Removing the Roadblocks

Improving the Public Sector Job Application Process

job application

Employers everywhere are fighting to fill jobs. And public sector employers are no different.

A 2022 survey of nearly 300 public sector HR officials, for example, found 79% of respondents saying they were not finding enough applicants to fill open positions.

This inability to attract the necessary talent is affecting operations, and not in positive ways. For instance, 82% said the shortages were contributing to staff burnout. Another 63% said shortages are leading to increased overtime, with 20% of public sector employers reporting cutbacks in the services they’re offering.

There are a few reasons why public sector organizations are having a tough time attracting the talent they need, not the least of which is the fact that they’re seeing fewer applicants in the first place.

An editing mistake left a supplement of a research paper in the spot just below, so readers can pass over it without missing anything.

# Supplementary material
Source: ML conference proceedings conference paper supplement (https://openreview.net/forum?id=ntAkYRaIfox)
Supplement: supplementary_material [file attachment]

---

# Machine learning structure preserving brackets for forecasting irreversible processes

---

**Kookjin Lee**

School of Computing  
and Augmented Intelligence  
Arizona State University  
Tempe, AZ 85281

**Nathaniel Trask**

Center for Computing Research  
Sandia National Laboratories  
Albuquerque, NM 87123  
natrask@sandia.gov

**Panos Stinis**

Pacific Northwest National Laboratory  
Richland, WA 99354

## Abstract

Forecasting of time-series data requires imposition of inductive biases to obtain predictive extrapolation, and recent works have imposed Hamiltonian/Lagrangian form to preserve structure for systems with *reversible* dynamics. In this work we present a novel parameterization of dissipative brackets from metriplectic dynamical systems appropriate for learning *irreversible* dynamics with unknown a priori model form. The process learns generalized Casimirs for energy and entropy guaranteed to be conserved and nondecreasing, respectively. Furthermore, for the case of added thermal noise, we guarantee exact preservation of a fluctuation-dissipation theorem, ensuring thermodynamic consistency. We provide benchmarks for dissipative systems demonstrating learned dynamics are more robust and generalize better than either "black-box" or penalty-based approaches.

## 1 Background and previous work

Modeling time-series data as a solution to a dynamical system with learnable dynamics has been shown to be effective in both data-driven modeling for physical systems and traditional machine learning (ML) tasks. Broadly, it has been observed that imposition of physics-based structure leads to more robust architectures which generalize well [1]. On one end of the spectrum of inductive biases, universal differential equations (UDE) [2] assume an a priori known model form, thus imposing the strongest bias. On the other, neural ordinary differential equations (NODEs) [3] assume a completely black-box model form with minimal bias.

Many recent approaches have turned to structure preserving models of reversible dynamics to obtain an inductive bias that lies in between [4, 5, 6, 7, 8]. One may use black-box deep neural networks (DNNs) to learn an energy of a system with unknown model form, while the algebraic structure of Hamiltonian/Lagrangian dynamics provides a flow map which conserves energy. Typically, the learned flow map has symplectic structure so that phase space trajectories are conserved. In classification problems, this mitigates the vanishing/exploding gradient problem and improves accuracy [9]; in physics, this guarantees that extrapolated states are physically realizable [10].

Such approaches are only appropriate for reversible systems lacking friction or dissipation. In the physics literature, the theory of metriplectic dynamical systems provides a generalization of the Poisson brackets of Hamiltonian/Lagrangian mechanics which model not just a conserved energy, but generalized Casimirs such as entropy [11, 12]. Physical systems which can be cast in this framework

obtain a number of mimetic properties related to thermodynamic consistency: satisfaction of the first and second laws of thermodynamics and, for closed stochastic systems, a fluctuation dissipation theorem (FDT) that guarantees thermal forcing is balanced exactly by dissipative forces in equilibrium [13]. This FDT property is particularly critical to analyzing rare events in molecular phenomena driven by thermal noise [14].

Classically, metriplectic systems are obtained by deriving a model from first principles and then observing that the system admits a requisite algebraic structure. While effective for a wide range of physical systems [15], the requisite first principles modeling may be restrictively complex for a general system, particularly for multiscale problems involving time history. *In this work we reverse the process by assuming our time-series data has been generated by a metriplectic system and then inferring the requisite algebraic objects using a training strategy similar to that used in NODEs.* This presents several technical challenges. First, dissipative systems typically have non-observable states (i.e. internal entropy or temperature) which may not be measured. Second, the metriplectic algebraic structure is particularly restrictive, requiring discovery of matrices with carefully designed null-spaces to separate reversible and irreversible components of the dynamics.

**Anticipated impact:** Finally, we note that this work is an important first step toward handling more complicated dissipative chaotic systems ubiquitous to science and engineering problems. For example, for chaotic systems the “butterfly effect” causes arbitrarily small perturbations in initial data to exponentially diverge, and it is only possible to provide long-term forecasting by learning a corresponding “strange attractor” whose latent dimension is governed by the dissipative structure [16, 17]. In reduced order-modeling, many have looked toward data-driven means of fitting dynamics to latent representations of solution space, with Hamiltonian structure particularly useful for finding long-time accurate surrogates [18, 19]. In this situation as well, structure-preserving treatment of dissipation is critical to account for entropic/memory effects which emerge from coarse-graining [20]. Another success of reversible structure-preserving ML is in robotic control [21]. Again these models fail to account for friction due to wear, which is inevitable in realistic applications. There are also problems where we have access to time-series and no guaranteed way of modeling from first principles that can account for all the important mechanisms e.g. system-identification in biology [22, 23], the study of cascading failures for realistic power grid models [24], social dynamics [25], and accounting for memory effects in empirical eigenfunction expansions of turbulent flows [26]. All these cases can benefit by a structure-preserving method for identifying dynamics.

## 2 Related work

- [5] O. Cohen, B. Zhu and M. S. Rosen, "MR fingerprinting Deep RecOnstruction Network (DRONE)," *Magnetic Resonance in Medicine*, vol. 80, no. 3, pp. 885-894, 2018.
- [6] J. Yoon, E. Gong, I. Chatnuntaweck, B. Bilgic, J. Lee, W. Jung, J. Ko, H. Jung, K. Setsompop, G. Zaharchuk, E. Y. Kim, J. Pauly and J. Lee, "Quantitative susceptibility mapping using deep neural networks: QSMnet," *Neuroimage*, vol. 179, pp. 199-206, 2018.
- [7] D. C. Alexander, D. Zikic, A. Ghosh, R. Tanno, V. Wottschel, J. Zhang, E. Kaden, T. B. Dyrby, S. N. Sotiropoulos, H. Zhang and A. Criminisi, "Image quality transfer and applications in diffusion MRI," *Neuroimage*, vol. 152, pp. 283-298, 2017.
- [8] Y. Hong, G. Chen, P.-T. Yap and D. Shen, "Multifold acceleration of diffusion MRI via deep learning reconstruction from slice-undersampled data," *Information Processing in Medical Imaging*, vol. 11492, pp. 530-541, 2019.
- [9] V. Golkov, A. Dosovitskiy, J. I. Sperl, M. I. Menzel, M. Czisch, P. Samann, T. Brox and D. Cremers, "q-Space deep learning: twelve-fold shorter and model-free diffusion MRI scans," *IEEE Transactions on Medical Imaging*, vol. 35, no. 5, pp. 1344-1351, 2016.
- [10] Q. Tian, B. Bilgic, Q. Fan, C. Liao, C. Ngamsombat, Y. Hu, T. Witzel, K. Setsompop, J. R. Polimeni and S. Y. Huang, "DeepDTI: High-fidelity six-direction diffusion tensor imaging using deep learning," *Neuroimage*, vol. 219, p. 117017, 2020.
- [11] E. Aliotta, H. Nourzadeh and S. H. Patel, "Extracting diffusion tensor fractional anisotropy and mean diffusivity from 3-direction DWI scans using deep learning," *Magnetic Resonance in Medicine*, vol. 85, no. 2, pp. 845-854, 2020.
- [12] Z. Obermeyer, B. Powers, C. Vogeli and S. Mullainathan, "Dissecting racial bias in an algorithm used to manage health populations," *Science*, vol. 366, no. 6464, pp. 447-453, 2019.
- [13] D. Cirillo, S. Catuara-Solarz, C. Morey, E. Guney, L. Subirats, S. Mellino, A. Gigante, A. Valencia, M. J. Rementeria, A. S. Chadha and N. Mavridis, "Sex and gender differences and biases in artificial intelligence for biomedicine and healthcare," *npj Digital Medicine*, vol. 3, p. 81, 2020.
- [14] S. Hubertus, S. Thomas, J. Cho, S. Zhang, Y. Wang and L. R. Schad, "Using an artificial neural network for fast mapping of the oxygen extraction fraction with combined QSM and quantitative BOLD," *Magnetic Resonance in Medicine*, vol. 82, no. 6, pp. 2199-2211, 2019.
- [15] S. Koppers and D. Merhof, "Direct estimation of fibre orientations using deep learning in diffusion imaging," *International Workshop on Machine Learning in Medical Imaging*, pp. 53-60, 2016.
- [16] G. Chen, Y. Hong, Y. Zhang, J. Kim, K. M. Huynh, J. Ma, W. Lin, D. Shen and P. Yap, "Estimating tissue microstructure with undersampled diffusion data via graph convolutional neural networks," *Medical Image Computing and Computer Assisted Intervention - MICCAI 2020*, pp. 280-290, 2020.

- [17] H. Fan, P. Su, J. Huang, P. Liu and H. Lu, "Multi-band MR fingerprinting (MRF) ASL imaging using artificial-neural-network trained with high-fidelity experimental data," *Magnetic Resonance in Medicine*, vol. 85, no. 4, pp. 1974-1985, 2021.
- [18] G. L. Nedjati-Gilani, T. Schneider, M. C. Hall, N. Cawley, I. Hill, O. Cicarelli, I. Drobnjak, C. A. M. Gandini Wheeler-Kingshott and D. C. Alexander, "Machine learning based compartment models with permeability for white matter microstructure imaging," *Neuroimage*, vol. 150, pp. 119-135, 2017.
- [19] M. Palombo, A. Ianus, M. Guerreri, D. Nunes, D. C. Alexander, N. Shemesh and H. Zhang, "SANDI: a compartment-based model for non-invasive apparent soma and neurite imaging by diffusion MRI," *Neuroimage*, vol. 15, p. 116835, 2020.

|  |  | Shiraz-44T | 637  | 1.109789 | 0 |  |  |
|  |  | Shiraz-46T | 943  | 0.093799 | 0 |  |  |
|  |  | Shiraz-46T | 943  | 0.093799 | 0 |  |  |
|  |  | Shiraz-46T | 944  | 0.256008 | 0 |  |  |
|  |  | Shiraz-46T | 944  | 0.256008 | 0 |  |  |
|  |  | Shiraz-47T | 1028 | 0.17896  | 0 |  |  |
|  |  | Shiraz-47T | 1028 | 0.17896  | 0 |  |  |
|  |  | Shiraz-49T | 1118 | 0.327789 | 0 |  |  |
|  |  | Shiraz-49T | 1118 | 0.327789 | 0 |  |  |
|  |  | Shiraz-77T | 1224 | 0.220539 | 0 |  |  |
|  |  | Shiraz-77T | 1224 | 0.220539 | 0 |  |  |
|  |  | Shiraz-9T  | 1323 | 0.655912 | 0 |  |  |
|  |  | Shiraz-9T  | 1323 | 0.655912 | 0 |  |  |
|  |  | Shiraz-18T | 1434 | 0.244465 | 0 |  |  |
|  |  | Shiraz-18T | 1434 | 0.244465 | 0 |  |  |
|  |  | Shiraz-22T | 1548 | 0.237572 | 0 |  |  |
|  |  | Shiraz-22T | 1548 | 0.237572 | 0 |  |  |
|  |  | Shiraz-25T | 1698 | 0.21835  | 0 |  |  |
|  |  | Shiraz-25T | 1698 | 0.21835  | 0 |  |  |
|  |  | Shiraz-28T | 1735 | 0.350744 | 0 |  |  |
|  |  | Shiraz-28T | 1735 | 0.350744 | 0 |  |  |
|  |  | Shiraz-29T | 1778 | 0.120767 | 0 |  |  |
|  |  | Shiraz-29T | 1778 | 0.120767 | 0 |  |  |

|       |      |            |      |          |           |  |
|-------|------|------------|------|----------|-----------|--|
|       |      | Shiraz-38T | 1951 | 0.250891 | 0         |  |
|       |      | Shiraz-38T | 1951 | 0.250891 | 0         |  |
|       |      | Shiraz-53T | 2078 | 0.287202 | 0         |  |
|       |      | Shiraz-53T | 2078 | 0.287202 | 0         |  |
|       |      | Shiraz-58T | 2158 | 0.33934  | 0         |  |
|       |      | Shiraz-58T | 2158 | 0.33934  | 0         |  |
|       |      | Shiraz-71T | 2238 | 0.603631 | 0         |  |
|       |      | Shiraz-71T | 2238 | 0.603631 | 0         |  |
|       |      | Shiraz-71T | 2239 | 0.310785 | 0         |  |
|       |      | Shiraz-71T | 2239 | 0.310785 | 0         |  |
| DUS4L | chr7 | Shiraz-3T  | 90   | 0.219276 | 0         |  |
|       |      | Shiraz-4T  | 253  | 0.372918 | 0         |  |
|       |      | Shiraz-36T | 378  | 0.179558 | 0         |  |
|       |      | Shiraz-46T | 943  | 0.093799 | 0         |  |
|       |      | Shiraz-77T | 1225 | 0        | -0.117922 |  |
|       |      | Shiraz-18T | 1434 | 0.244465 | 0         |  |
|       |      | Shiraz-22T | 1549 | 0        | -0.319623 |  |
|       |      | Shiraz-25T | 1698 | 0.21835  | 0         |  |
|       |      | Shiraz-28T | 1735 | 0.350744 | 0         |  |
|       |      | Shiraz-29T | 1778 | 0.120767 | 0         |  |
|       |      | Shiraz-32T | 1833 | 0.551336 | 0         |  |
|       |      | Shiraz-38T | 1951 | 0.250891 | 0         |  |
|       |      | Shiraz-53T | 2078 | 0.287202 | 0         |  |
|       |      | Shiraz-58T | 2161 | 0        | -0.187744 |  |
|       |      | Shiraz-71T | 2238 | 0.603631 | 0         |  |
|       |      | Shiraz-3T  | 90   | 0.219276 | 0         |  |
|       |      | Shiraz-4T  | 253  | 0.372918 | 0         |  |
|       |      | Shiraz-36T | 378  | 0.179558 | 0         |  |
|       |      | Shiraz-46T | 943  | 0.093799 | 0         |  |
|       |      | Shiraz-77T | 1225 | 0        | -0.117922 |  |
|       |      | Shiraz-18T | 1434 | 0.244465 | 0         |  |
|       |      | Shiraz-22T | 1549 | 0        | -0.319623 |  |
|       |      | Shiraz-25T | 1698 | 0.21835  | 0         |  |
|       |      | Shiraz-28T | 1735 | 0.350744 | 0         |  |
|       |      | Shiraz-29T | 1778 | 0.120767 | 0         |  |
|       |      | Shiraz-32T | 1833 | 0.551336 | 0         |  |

For example, recent data indicates a 56% drop in applications per open public sector job from 2021 to 2022, with about a quarter of all current public sector job postings receiving seven applicants or fewer.

The aforementioned survey also posed a number of open-ended questions to participants, who offered some insight into the other factors creating frustration among public sector job seekers. For example, one respondent recalled growing tired with the length of time they spent waiting for a response after applying for a position.

“It took forever. By the time someone reached out to me about a background check, I had been offered [and started training for] a position in the private sector.”

A complex, redundant application process got under at least one candidate’s skin.

“Getting transcripts, references and completing the application and questions was time-consuming and labor-intensive, as well as repetitive.”

Another called out government employers for a lack of communication with job applicants.

“When applying for government jobs, I often do not receive a response or feedback. Applications tend to sit in ‘reviewed.’ If I am not considered for the position, it is helpful feedback to know why or whether the position was filled.”